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A Lesson From the ACLU On How To Admit Mistakes

As we learned from this year’s presidential race, it is hard to forgive where there is no admission of error. So it was with joy and relief that I learned, October 18, that the American Civil Liberties Union finally had owned up to a whopper — the signing of a pledge, as a condition of receiving a grant from the Ford Foundation grant, not to “promote or engage in violence, terrorism or bigotry or the destruction of any state.”

The pledge arose out of a perfect storm: obsession with terrorism in general, and the 2001 debacle at the United Nations conference on racism in Durban, South Africa, in particular. In 2003, a study called “Funding Hate,” sponsored by the Jewish Telegraphic Agency and published in the Forward, revealed that some of the Palestinian NGOs responsible for the incitement in Durban had been recipients of Ford Foundation grants. A cacophony of condemnation of Ford followed, including calls for a congressional investigation and a review of Ford’s tax-exempt status.

The firestorm was intense but short lived. Ford president Susan Berresford quickly diffused it by announcing that Ford would cancel offending grants, reform its procedures and require all grantees to sign the pledge. Other foundations soon followed suit; the Rockefeller Foundation, for example, required that grantees pledge not to “directly or indirectly engage in, promote or support other organizations or individuals who engage in or promote terrorist activities.”

But if the firestorm ended at Ford, it was just beginning at the ACLU. Early this year, Anthony Romero, the ACLU’s new executive director and a former program officer at Ford, signed the Ford pledge. What’s more, he agreed to the conditions required for the ACLU’s continued participation in the Combined Federal Campaign, a program set up for government employees through which their charitable donations are deducted from their paychecks and forwarded to the charity of their choice. To remain eligible in 2004 for what amounted to $470,000 last year, Romero agreed to a new condition: the ACLU would not “knowingly employ” individuals found on a series of “watch lists” of known or suspected terrorists. Such lists, notoriously unreliable, had been condemned repeatedly by the ACLU as unconstitutional black lists.

When it came to light in July that the ACLU had signed the Ford and Combined Federal Campaign pledges, many ACLU supporters were shocked. Romero’s damage control regarding the federal campaign pledge made it worse. He said he had signed, in effect, with his fingers crossed behind his back and that he had never intended to actually check the watch lists.

Then, when ACLU President Nadine Strossen called that a “clever interpretation” of the pledge language, the shock turned to outrage. The whole fiasco became Topic One throughout the ACLU and its scores of state and local affiliates.

In the internal ACLU discourse, some defended the Ford-type pledge, but most condemned it as a “loyalty oath,” harkening back to a shameful episode in ACLU history in which member Elizabeth Gurley Flynn was thrown off the board in 1940 because she belonged to the Communist Party and because she rejected the ACLU’s own loyalty oath eschewing that era’s devil — “totalitarian dictatorship or principle.” Her posthumous reinstatement in 1976 did little to mitigate the ACLU’s shameful abandonment of principle.

While the internal ACLU controversy was raging regarding the Ford pledge, some foundations that had briefly instituted a Ford-style certification, notably the John D. and Catherine T. MacArthur Foundation and the Nathan Cummings Foundation, changed it to a simple promise to obey the law. Ford and Rockefeller have so far not followed suit. (Some, it should be noted, never gave in to terrorism-obsession at all, most notably the Open Society Institute.)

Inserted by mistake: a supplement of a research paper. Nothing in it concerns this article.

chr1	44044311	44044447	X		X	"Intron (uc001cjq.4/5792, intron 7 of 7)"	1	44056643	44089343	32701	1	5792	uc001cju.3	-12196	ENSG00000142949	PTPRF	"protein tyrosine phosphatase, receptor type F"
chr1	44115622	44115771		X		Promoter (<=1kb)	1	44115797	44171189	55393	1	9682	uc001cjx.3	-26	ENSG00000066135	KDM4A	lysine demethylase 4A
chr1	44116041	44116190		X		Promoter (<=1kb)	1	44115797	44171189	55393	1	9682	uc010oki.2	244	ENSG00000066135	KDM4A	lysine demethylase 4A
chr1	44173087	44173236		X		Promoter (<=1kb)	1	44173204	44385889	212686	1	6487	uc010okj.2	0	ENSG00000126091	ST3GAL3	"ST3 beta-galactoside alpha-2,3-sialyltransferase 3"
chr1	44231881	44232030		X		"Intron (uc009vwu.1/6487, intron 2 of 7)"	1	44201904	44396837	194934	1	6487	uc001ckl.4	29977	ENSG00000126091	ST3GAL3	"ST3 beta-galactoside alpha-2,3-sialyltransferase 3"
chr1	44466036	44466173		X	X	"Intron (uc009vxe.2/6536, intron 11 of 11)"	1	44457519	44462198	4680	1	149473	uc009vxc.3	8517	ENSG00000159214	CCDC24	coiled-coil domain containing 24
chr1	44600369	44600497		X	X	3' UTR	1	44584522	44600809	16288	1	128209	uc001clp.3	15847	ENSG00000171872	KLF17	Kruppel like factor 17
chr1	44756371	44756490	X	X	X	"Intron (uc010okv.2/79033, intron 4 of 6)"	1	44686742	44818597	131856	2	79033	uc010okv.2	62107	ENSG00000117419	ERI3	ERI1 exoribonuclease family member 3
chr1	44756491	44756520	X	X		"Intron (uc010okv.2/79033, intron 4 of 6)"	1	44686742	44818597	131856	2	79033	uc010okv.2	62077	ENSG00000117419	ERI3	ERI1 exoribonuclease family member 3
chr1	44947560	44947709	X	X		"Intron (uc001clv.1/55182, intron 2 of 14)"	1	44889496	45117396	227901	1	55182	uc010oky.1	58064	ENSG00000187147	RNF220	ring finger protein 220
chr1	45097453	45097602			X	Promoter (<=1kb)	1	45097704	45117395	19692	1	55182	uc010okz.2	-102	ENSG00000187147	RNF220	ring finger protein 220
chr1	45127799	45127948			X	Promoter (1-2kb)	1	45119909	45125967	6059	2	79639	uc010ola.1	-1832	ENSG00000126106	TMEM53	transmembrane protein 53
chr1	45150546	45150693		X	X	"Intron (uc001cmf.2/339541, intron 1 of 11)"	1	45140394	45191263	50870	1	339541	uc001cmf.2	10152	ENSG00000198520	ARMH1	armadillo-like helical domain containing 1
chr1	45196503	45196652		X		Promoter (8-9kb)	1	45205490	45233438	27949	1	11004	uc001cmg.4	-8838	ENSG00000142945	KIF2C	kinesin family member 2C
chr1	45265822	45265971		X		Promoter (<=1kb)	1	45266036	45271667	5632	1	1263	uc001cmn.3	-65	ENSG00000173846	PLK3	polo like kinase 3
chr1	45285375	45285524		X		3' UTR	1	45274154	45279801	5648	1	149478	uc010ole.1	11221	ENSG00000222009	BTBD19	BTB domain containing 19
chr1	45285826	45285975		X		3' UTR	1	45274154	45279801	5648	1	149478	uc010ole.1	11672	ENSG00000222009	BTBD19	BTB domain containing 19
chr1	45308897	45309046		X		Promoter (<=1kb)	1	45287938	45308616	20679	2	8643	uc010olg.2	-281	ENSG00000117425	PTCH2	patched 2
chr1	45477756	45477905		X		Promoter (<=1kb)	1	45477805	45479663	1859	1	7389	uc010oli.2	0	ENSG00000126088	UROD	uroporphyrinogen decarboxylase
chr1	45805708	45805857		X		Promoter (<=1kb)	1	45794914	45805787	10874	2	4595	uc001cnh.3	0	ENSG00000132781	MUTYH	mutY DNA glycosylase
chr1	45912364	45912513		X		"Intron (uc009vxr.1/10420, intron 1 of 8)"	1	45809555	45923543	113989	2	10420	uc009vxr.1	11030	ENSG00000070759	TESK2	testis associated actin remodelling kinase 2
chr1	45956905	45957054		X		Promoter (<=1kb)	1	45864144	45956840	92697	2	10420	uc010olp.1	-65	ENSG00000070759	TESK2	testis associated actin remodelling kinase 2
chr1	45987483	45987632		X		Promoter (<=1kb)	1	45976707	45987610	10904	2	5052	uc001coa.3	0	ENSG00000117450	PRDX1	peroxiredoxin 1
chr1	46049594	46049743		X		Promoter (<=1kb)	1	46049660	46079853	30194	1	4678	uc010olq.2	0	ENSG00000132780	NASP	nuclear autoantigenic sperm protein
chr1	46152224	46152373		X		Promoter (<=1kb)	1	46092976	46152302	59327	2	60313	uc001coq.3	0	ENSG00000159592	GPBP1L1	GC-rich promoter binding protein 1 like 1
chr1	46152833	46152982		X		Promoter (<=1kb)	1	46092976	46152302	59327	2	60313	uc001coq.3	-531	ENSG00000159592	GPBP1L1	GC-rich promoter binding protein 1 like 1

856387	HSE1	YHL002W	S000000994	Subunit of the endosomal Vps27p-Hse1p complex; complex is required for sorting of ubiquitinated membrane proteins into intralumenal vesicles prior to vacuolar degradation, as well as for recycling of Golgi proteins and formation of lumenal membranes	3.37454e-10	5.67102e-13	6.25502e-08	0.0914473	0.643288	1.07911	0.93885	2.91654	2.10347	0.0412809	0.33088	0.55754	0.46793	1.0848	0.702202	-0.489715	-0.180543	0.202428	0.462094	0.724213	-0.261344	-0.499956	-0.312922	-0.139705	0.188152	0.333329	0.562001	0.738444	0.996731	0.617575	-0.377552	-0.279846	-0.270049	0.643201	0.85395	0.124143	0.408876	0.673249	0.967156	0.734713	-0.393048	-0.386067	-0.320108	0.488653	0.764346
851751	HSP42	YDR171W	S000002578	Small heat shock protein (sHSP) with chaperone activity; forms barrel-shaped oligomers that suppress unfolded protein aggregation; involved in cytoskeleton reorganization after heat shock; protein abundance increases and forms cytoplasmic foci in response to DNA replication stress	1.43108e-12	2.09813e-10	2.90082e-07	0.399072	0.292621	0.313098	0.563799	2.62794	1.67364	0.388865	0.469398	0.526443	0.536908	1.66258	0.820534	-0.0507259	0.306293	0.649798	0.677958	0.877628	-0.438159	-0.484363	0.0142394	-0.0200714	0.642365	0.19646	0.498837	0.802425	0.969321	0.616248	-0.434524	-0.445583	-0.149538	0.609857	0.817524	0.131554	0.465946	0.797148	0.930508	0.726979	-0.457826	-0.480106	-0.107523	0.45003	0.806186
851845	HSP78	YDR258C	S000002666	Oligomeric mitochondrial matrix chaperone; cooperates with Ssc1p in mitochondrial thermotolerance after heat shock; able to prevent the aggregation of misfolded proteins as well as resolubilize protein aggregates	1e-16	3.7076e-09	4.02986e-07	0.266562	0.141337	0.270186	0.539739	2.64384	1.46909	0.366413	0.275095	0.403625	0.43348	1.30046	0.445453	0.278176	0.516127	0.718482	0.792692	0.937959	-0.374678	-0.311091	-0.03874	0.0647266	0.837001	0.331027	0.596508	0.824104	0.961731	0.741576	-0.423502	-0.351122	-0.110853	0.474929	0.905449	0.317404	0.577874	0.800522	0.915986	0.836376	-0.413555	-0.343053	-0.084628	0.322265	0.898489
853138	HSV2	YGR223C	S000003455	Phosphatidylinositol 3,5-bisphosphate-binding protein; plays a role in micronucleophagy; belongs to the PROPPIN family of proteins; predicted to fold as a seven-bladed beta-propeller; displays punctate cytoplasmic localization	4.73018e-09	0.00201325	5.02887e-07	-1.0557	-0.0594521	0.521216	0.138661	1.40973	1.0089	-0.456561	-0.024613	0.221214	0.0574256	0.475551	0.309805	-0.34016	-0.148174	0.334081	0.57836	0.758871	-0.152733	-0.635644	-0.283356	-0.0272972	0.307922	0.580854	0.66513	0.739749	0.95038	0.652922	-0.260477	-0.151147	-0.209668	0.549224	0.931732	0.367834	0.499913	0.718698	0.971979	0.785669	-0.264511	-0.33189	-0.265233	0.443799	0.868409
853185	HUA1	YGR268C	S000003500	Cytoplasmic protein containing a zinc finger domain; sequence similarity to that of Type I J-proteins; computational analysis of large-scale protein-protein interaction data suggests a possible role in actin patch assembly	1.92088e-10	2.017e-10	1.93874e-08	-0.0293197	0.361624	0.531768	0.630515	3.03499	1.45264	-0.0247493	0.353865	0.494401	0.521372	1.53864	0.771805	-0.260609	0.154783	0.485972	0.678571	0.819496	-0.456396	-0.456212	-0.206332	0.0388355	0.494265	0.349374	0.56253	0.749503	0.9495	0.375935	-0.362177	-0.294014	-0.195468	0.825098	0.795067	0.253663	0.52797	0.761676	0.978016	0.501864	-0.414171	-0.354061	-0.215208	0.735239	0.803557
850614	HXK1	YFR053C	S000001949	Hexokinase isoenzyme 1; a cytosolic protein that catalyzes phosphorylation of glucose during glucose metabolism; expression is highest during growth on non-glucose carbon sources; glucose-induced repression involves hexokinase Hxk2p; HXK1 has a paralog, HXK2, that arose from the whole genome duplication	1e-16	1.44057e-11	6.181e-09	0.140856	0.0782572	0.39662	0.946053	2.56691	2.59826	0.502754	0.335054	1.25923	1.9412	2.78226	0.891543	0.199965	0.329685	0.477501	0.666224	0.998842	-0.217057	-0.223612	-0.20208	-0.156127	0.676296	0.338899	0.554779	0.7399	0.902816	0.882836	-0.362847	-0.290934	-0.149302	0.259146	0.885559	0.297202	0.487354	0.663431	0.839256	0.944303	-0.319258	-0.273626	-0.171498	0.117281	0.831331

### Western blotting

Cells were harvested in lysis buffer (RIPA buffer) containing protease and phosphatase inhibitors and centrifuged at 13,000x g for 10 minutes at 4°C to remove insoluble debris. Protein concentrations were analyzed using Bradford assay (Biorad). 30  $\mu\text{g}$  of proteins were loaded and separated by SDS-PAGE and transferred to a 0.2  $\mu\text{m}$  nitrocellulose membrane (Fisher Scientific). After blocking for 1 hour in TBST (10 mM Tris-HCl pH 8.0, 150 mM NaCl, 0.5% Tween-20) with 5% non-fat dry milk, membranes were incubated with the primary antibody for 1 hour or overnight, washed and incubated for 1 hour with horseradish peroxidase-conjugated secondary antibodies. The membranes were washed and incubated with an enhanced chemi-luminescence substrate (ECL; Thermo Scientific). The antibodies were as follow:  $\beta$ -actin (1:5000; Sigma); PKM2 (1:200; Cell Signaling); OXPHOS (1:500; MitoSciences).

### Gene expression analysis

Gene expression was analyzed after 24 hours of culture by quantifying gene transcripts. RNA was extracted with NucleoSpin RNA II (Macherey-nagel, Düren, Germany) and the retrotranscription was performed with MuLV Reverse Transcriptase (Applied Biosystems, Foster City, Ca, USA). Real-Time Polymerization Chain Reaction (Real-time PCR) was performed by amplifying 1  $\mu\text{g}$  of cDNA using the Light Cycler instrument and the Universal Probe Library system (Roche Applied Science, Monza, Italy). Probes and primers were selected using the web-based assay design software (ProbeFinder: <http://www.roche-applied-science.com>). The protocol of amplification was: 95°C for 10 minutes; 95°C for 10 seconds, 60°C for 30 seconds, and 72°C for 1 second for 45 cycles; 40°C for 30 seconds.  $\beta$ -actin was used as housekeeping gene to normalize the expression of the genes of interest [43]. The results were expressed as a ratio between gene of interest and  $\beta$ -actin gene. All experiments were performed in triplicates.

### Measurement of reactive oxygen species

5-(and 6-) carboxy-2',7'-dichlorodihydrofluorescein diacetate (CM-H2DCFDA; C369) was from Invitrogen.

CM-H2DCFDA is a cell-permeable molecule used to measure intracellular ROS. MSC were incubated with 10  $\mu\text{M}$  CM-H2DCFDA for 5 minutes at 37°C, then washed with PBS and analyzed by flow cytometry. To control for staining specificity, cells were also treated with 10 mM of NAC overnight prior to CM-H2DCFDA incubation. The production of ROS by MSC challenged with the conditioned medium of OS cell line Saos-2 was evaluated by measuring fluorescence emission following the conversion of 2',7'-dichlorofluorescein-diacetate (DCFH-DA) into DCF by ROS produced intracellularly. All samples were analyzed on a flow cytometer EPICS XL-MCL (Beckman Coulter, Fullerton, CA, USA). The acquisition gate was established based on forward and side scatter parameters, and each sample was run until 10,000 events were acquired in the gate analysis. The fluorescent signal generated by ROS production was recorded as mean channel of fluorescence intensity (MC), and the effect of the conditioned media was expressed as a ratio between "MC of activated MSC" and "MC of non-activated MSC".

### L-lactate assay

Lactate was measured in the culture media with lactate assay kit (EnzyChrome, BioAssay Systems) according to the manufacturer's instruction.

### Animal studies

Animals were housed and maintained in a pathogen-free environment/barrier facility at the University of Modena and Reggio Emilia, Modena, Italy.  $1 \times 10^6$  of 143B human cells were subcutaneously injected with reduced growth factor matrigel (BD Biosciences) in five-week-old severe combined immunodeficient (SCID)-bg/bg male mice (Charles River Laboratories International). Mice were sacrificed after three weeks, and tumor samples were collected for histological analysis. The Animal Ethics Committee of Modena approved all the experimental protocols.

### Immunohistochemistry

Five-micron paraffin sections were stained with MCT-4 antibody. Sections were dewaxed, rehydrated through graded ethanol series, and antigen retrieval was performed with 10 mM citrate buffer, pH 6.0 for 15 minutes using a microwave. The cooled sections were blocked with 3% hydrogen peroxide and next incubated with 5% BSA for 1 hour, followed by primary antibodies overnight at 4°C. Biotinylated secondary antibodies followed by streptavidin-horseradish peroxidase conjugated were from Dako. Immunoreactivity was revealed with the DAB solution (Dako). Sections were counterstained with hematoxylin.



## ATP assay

What is actually at stake here with the Ford and Rockefeller pledges? Nothing but principle. Neither foundation sought or expected the ACLU to alter its program one whit, and said so in “clarifying” letters. ACLU purists nevertheless rejected the proffered deal and invoked the interest of the ACLU’s only client: free expression itself. In the end, the choice was stark: Sign the foundations’ certifications, or forgo a considerable amount of money.

So what is the problem with pledging not to “promote” “bigotry” or “terrorism?” The problem is this: There is no clear difference between “promoting” an idea and “advocating” it. What the ACLU does is protect the rights of others — organizations and individuals — to advocate absolutely anything, no matter how odious.

The Nazis want to march in Skokie to advocate bigotry and hatred? North American Man/Boy Love Association wants to advocate sex between men and boys? Sex magazines want to demean and objectify women? The ACLU will be there to protect their right to do so. What I learned early on as a civil libertarian is that freedom for the idea you love is easy, and the ACLU does plenty of that: gay marriage, abortion clinics, medicinal marijuana, demonstration permits for everyone from the Christian right to Planned Parenthood. Freedom for the idea you absolutely hate and detest and fear is hard. Safeguarding such freedoms is what the ACLU does.

So it did on October 18th, thereby redeeming itself. The ACLU decided to reject all grants with Ford-, Rockefeller- or Combined Federal Campaign-style conditions; gave back $1.15 million to Ford, and is preparing a legal challenge to the federal campaign restrictions.

Mistake acknowledged, credit deserved. Bravo, ACLU.

Kathleen Peratis, a partner in the New York law firm Outten & Golden, was (long ago) on the legal staff of the American Civil Liberties Union.


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